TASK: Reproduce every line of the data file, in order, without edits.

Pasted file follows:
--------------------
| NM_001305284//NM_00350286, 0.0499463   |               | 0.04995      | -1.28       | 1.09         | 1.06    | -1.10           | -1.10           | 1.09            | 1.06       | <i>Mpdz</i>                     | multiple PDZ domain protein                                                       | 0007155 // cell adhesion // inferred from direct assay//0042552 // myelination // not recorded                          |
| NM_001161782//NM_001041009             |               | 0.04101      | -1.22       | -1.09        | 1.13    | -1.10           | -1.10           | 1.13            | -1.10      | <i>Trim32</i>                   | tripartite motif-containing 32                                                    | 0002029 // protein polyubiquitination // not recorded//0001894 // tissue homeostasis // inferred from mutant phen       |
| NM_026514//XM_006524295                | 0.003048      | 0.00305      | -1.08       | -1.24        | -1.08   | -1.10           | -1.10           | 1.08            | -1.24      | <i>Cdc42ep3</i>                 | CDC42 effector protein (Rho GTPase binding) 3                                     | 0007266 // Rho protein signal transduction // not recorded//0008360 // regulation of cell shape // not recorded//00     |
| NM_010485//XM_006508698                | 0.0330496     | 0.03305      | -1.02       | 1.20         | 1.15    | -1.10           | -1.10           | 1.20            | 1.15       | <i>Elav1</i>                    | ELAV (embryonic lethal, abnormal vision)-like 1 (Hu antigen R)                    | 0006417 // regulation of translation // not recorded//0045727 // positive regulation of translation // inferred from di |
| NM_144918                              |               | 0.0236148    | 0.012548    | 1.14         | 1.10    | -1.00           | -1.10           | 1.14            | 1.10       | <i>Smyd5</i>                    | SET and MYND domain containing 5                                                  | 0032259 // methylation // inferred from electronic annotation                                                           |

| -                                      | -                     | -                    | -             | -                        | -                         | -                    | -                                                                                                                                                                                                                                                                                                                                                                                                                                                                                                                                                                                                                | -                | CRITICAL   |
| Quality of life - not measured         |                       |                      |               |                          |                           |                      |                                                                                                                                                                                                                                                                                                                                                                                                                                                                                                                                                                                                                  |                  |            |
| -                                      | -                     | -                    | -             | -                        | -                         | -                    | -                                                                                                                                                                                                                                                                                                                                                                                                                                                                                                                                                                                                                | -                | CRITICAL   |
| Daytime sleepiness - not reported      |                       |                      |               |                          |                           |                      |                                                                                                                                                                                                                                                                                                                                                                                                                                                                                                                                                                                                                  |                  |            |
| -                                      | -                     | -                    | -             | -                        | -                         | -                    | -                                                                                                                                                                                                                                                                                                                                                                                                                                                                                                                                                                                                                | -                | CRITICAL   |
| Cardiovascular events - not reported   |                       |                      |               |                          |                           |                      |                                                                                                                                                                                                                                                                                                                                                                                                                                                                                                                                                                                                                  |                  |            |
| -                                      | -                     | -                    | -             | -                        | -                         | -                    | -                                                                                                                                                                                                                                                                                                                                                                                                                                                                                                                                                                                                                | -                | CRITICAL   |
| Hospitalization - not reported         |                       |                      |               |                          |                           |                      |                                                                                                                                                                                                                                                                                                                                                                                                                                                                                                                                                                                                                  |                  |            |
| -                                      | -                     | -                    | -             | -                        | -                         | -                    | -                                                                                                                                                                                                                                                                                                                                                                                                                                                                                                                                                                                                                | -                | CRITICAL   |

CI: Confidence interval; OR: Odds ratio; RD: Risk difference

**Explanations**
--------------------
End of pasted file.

| NM_001305284//NM_00350286, 0.0499463   |               | 0.04995      | -1.28       | 1.09         | 1.06    | -1.10           | -1.10           | 1.09            | 1.06       | <i>Mpdz</i>                     | multiple PDZ domain protein                                                       | 0007155 // cell adhesion // inferred from direct assay//0042552 // myelination // not recorded                          |
| NM_001161782//NM_001041009             |               | 0.04101      | -1.22       | -1.09        | 1.13    | -1.10           | -1.10           | 1.13            | -1.10      | <i>Trim32</i>                   | tripartite motif-containing 32                                                    | 0002029 // protein polyubiquitination // not recorded//0001894 // tissue homeostasis // inferred from mutant phen       |
| NM_026514//XM_006524295                | 0.003048      | 0.00305      | -1.08       | -1.24        | -1.08   | -1.10           | -1.10           | 1.08            | -1.24      | <i>Cdc42ep3</i>                 | CDC42 effector protein (Rho GTPase binding) 3                                     | 0007266 // Rho protein signal transduction // not recorded//0008360 // regulation of cell shape // not recorded//00     |
| NM_010485//XM_006508698                | 0.0330496     | 0.03305      | -1.02       | 1.20         | 1.15    | -1.10           | -1.10           | 1.20            | 1.15       | <i>Elav1</i>                    | ELAV (embryonic lethal, abnormal vision)-like 1 (Hu antigen R)                    | 0006417 // regulation of translation // not recorded//0045727 // positive regulation of translation // inferred from di |
| NM_144918                              |               | 0.0236148    | 0.012548    | 1.14         | 1.10    | -1.00           | -1.10           | 1.14            | 1.10       | <i>Smyd5</i>                    | SET and MYND domain containing 5                                                  | 0032259 // methylation // inferred from electronic annotation                                                           |

| -                                      | -                     | -                    | -             | -                        | -                         | -                    | -                                                                                                                                                                                                                                                                                                                                                                                                                                                                                                                                                                                                                | -                | CRITICAL   |
| Quality of life - not measured         |                       |                      |               |                          |                           |                      |                                                                                                                                                                                                                                                                                                                                                                                                                                                                                                                                                                                                                  |                  |            |
| -                                      | -                     | -                    | -             | -                        | -                         | -                    | -                                                                                                                                                                                                                                                                                                                                                                                                                                                                                                                                                                                                                | -                | CRITICAL   |
| Daytime sleepiness - not reported      |                       |                      |               |                          |                           |                      |                                                                                                                                                                                                                                                                                                                                                                                                                                                                                                                                                                                                                  |                  |            |
| -                                      | -                     | -                    | -             | -                        | -                         | -                    | -                                                                                                                                                                                                                                                                                                                                                                                                                                                                                                                                                                                                                | -                | CRITICAL   |
| Cardiovascular events - not reported   |                       |                      |               |                          |                           |                      |                                                                                                                                                                                                                                                                                                                                                                                                                                                                                                                                                                                                                  |                  |            |
| -                                      | -                     | -                    | -             | -                        | -                         | -                    | -                                                                                                                                                                                                                                                                                                                                                                                                                                                                                                                                                                                                                | -                | CRITICAL   |
| Hospitalization - not reported         |                       |                      |               |                          |                           |                      |                                                                                                                                                                                                                                                                                                                                                                                                                                                                                                                                                                                                                  |                  |            |
| -                                      | -                     | -                    | -             | -                        | -                         | -                    | -                                                                                                                                                                                                                                                                                                                                                                                                                                                                                                                                                                                                                | -                | CRITICAL   |

CI: Confidence interval; OR: Odds ratio; RD: Risk difference

**Explanations**